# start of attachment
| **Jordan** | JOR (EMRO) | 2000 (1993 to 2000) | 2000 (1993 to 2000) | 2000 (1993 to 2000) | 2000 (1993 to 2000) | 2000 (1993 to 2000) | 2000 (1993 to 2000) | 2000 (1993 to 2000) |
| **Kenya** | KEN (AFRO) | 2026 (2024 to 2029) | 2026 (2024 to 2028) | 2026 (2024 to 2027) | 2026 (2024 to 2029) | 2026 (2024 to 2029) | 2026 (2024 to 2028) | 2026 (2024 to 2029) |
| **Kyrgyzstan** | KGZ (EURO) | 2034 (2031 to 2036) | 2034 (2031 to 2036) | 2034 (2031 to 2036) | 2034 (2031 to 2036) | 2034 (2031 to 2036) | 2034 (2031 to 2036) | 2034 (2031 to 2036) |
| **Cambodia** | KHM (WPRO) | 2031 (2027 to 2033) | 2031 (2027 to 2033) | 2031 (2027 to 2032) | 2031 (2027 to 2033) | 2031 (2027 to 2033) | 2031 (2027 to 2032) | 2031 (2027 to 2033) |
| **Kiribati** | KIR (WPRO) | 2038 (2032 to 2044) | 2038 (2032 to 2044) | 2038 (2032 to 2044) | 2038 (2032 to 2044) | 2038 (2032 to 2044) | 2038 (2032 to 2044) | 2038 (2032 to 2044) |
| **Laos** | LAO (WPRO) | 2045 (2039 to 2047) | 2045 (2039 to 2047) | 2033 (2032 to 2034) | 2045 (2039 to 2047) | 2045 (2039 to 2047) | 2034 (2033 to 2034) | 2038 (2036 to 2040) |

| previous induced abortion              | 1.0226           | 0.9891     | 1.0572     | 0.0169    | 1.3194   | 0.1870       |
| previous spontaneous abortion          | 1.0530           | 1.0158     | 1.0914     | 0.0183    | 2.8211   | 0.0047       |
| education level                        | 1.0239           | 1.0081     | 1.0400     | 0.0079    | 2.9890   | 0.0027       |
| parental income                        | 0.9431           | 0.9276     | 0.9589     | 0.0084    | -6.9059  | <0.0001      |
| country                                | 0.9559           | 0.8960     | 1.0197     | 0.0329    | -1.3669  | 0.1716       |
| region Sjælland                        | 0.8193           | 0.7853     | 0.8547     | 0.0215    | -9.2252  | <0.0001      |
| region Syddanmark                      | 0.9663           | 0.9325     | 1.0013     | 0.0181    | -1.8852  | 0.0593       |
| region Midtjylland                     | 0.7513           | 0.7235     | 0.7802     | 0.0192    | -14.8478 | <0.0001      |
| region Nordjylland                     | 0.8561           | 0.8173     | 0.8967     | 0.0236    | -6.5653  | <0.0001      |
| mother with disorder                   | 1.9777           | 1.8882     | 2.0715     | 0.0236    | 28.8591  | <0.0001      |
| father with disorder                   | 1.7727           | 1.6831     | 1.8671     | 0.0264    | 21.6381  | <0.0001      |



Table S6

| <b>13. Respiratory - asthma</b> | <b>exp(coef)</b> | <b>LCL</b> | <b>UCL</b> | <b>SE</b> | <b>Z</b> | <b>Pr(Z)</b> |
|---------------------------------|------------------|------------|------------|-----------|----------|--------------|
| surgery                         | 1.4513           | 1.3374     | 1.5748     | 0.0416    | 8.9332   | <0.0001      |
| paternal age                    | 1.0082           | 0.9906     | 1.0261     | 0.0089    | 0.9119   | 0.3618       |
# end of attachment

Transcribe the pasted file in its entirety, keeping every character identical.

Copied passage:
| **Jordan** | JOR (EMRO) | 2000 (1993 to 2000) | 2000 (1993 to 2000) | 2000 (1993 to 2000) | 2000 (1993 to 2000) | 2000 (1993 to 2000) | 2000 (1993 to 2000) | 2000 (1993 to 2000) |
| **Kenya** | KEN (AFRO) | 2026 (2024 to 2029) | 2026 (2024 to 2028) | 2026 (2024 to 2027) | 2026 (2024 to 2029) | 2026 (2024 to 2029) | 2026 (2024 to 2028) | 2026 (2024 to 2029) |
| **Kyrgyzstan** | KGZ (EURO) | 2034 (2031 to 2036) | 2034 (2031 to 2036) | 2034 (2031 to 2036) | 2034 (2031 to 2036) | 2034 (2031 to 2036) | 2034 (2031 to 2036) | 2034 (2031 to 2036) |
| **Cambodia** | KHM (WPRO) | 2031 (2027 to 2033) | 2031 (2027 to 2033) | 2031 (2027 to 2032) | 2031 (2027 to 2033) | 2031 (2027 to 2033) | 2031 (2027 to 2032) | 2031 (2027 to 2033) |
| **Kiribati** | KIR (WPRO) | 2038 (2032 to 2044) | 2038 (2032 to 2044) | 2038 (2032 to 2044) | 2038 (2032 to 2044) | 2038 (2032 to 2044) | 2038 (2032 to 2044) | 2038 (2032 to 2044) |
| **Laos** | LAO (WPRO) | 2045 (2039 to 2047) | 2045 (2039 to 2047) | 2033 (2032 to 2034) | 2045 (2039 to 2047) | 2045 (2039 to 2047) | 2034 (2033 to 2034) | 2038 (2036 to 2040) |

| previous induced abortion              | 1.0226           | 0.9891     | 1.0572     | 0.0169    | 1.3194   | 0.1870       |
| previous spontaneous abortion          | 1.0530           | 1.0158     | 1.0914     | 0.0183    | 2.8211   | 0.0047       |
| education level                        | 1.0239           | 1.0081     | 1.0400     | 0.0079    | 2.9890   | 0.0027       |
| parental income                        | 0.9431           | 0.9276     | 0.9589     | 0.0084    | -6.9059  | <0.0001      |
| country                                | 0.9559           | 0.8960     | 1.0197     | 0.0329    | -1.3669  | 0.1716       |
| region Sjælland                        | 0.8193           | 0.7853     | 0.8547     | 0.0215    | -9.2252  | <0.0001      |
| region Syddanmark                      | 0.9663           | 0.9325     | 1.0013     | 0.0181    | -1.8852  | 0.0593       |
| region Midtjylland                     | 0.7513           | 0.7235     | 0.7802     | 0.0192    | -14.8478 | <0.0001      |
| region Nordjylland                     | 0.8561           | 0.8173     | 0.8967     | 0.0236    | -6.5653  | <0.0001      |
| mother with disorder                   | 1.9777           | 1.8882     | 2.0715     | 0.0236    | 28.8591  | <0.0001      |
| father with disorder                   | 1.7727           | 1.6831     | 1.8671     | 0.0264    | 21.6381  | <0.0001      |



Table S6

| <b>13. Respiratory - asthma</b> | <b>exp(coef)</b> | <b>LCL</b> | <b>UCL</b> | <b>SE</b> | <b>Z</b> | <b>Pr(Z)</b> |
|---------------------------------|------------------|------------|------------|-----------|----------|--------------|
| surgery                         | 1.4513           | 1.3374     | 1.5748     | 0.0416    | 8.9332   | <0.0001      |
| paternal age                    | 1.0082           | 0.9906     | 1.0261     | 0.0089    | 0.9119   | 0.3618       |